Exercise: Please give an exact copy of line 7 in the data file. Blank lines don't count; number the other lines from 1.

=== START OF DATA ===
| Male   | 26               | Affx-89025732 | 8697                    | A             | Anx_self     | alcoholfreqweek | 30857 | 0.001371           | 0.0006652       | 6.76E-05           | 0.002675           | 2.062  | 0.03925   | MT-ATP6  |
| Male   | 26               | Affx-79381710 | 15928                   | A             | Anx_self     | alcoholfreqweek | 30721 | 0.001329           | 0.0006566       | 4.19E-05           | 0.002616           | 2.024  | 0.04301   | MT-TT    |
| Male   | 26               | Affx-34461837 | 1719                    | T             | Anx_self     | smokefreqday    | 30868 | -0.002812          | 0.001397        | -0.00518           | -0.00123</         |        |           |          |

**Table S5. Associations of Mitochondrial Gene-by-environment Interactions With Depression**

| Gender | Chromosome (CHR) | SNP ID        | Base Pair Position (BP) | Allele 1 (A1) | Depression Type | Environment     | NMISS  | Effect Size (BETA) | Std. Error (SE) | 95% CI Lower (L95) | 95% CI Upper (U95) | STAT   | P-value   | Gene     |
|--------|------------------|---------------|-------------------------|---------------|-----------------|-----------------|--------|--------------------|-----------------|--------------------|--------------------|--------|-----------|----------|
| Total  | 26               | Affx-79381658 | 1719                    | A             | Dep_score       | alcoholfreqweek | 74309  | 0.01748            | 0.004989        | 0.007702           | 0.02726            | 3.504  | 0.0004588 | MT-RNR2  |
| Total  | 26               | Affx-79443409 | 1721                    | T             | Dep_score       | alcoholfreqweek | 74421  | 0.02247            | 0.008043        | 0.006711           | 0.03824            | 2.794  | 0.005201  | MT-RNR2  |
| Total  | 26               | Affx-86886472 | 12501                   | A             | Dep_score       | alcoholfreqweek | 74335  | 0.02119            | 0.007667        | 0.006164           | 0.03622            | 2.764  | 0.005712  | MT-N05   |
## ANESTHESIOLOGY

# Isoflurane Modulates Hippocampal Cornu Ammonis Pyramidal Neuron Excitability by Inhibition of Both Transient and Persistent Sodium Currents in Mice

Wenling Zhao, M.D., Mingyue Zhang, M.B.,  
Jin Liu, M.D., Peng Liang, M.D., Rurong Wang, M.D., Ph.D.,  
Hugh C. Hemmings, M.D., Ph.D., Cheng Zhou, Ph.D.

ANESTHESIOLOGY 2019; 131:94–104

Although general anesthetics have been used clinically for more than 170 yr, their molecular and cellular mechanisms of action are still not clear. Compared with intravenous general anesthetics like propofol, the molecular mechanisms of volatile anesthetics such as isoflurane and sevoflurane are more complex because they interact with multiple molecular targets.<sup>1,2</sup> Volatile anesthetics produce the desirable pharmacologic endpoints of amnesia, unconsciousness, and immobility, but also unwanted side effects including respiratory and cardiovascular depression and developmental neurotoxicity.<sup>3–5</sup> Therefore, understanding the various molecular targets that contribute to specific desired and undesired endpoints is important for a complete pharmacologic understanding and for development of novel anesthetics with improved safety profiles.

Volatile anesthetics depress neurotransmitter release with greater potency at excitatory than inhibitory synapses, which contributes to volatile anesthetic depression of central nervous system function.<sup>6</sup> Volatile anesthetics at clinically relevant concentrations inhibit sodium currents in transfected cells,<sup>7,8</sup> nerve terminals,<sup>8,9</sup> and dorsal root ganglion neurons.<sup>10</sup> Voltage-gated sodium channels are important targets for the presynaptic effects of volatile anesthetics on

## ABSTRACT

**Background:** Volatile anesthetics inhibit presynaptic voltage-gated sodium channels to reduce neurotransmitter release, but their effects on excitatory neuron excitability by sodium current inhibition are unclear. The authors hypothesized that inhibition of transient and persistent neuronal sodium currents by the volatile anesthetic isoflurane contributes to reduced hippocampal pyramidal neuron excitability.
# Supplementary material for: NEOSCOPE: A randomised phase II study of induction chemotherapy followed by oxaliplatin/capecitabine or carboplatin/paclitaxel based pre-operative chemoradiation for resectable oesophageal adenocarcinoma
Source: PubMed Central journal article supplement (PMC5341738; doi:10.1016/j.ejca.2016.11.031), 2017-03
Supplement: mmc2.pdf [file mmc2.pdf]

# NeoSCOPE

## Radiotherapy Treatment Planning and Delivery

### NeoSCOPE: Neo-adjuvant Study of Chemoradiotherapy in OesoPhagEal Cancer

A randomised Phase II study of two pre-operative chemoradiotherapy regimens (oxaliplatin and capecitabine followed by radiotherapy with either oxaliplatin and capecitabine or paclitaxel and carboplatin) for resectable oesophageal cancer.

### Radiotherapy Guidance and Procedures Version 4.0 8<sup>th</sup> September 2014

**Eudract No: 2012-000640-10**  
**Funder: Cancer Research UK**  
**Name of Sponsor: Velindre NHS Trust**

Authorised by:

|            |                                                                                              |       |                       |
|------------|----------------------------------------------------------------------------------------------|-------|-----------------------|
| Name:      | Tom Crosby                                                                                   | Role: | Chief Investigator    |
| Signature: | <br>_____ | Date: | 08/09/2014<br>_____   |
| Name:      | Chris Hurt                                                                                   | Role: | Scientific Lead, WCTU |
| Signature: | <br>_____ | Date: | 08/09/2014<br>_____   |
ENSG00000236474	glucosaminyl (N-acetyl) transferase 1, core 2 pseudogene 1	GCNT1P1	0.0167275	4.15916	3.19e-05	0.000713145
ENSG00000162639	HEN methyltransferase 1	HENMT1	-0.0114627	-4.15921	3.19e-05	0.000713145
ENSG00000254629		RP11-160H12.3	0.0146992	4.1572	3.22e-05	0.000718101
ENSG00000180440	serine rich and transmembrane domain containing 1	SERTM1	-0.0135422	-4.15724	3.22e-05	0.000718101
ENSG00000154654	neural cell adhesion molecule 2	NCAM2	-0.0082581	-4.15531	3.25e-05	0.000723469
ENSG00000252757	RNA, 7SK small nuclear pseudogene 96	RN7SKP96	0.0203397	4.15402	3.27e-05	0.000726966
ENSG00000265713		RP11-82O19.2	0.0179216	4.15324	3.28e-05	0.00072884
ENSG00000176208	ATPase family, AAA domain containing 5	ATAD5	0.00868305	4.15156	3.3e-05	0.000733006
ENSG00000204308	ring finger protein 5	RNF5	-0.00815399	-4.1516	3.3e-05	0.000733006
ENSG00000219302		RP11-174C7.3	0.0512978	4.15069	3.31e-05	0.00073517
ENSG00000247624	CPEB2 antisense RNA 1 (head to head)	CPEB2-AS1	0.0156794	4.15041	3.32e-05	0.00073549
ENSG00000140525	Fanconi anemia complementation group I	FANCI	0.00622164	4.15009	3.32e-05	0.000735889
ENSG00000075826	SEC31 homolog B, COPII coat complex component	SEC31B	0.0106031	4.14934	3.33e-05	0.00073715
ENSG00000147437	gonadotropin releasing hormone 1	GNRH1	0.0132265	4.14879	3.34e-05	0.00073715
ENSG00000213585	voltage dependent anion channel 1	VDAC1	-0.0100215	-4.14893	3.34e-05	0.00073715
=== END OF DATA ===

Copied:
| Total  | 26               | Affx-79381658 | 1719                    | A             | Dep_score       | alcoholfreqweek | 74309  | 0.01748            | 0.004989        | 0.007702           | 0.02726            | 3.504  | 0.0004588 | MT-RNR2  |